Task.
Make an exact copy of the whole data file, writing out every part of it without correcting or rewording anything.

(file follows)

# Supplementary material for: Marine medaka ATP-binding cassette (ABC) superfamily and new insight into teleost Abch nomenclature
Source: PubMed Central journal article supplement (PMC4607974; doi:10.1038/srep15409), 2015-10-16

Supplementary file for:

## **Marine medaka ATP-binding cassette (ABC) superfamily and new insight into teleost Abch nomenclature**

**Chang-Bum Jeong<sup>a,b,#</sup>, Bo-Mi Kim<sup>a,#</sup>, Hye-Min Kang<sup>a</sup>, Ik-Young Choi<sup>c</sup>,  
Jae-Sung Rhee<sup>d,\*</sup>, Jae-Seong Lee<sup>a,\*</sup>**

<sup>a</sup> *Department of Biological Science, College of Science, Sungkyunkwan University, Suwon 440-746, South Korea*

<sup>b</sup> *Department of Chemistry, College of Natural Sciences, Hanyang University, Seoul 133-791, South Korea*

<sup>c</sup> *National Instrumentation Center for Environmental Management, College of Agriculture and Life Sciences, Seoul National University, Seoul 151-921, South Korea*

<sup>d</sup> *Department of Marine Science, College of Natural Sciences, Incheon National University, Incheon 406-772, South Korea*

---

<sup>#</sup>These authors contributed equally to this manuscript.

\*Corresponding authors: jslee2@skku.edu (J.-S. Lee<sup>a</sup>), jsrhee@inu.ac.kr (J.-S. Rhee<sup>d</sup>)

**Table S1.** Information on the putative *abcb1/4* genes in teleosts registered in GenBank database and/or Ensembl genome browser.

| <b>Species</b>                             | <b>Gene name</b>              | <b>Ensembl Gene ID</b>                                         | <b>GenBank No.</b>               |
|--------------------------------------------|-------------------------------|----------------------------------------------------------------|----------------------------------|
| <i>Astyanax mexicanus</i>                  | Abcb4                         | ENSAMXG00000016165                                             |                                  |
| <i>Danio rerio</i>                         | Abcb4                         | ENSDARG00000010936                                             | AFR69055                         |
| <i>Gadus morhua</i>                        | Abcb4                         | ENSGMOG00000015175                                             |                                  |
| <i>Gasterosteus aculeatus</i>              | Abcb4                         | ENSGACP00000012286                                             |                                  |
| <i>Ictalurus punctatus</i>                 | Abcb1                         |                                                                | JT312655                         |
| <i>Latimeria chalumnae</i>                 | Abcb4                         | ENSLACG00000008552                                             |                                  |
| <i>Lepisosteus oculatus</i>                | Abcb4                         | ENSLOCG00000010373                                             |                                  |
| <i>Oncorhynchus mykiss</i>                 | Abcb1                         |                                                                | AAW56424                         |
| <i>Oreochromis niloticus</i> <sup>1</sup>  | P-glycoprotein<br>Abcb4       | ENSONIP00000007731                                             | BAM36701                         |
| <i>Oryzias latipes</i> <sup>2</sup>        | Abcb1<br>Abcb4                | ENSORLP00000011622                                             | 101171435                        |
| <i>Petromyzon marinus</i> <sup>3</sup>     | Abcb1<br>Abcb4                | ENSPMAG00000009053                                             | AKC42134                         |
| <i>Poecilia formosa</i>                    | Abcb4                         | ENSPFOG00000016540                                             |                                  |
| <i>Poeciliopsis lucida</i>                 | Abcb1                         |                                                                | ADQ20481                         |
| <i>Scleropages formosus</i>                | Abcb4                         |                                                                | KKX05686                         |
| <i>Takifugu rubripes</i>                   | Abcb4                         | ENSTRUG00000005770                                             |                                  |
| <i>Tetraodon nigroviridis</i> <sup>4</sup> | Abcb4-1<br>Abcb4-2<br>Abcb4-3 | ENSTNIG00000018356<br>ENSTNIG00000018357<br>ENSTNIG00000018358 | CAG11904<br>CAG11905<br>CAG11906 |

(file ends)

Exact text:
# Supplementary material for: Marine medaka ATP-binding cassette (ABC) superfamily and new insight into teleost Abch nomenclature
Source: PubMed Central journal article supplement (PMC4607974; doi:10.1038/srep15409), 2015-10-16

Supplementary file for:

## **Marine medaka ATP-binding cassette (ABC) superfamily and new insight into teleost Abch nomenclature**

**Chang-Bum Jeong<sup>a,b,#</sup>, Bo-Mi Kim<sup>a,#</sup>, Hye-Min Kang<sup>a</sup>, Ik-Young Choi<sup>c</sup>,  
Jae-Sung Rhee<sup>d,\*</sup>, Jae-Seong Lee<sup>a,\*</sup>**

<sup>a</sup> *Department of Biological Science, College of Science, Sungkyunkwan University, Suwon 440-746, South Korea*

<sup>b</sup> *Department of Chemistry, College of Natural Sciences, Hanyang University, Seoul 133-791, South Korea*

<sup>c</sup> *National Instrumentation Center for Environmental Management, College of Agriculture and Life Sciences, Seoul National University, Seoul 151-921, South Korea*

<sup>d</sup> *Department of Marine Science, College of Natural Sciences, Incheon National University, Incheon 406-772, South Korea*

---

<sup>#</sup>These authors contributed equally to this manuscript.

\*Corresponding authors: jslee2@skku.edu (J.-S. Lee<sup>a</sup>), jsrhee@inu.ac.kr (J.-S. Rhee<sup>d</sup>)

**Table S1.** Information on the putative *abcb1/4* genes in teleosts registered in GenBank database and/or Ensembl genome browser.

| <b>Species</b>                             | <b>Gene name</b>              | <b>Ensembl Gene ID</b>                                         | <b>GenBank No.</b>               |
|--------------------------------------------|-------------------------------|----------------------------------------------------------------|----------------------------------|
| <i>Astyanax mexicanus</i>                  | Abcb4                         | ENSAMXG00000016165                                             |                                  |
| <i>Danio rerio</i>                         | Abcb4                         | ENSDARG00000010936                                             | AFR69055                         |
| <i>Gadus morhua</i>                        | Abcb4                         | ENSGMOG00000015175                                             |                                  |
| <i>Gasterosteus aculeatus</i>              | Abcb4                         | ENSGACP00000012286                                             |                                  |
| <i>Ictalurus punctatus</i>                 | Abcb1                         |                                                                | JT312655                         |
| <i>Latimeria chalumnae</i>                 | Abcb4                         | ENSLACG00000008552                                             |                                  |
| <i>Lepisosteus oculatus</i>                | Abcb4                         | ENSLOCG00000010373                                             |                                  |
| <i>Oncorhynchus mykiss</i>                 | Abcb1                         |                                                                | AAW56424                         |
| <i>Oreochromis niloticus</i> <sup>1</sup>  | P-glycoprotein<br>Abcb4       | ENSONIP00000007731                                             | BAM36701                         |
| <i>Oryzias latipes</i> <sup>2</sup>        | Abcb1<br>Abcb4                | ENSORLP00000011622                                             | 101171435                        |
| <i>Petromyzon marinus</i> <sup>3</sup>     | Abcb1<br>Abcb4                | ENSPMAG00000009053                                             | AKC42134                         |
| <i>Poecilia formosa</i>                    | Abcb4                         | ENSPFOG00000016540                                             |                                  |
| <i>Poeciliopsis lucida</i>                 | Abcb1                         |                                                                | ADQ20481                         |
| <i>Scleropages formosus</i>                | Abcb4                         |                                                                | KKX05686                         |
| <i>Takifugu rubripes</i>                   | Abcb4                         | ENSTRUG00000005770                                             |                                  |
| <i>Tetraodon nigroviridis</i> <sup>4</sup> | Abcb4-1<br>Abcb4-2<br>Abcb4-3 | ENSTNIG00000018356<br>ENSTNIG00000018357<br>ENSTNIG00000018358 | CAG11904<br>CAG11905<br>CAG11906 |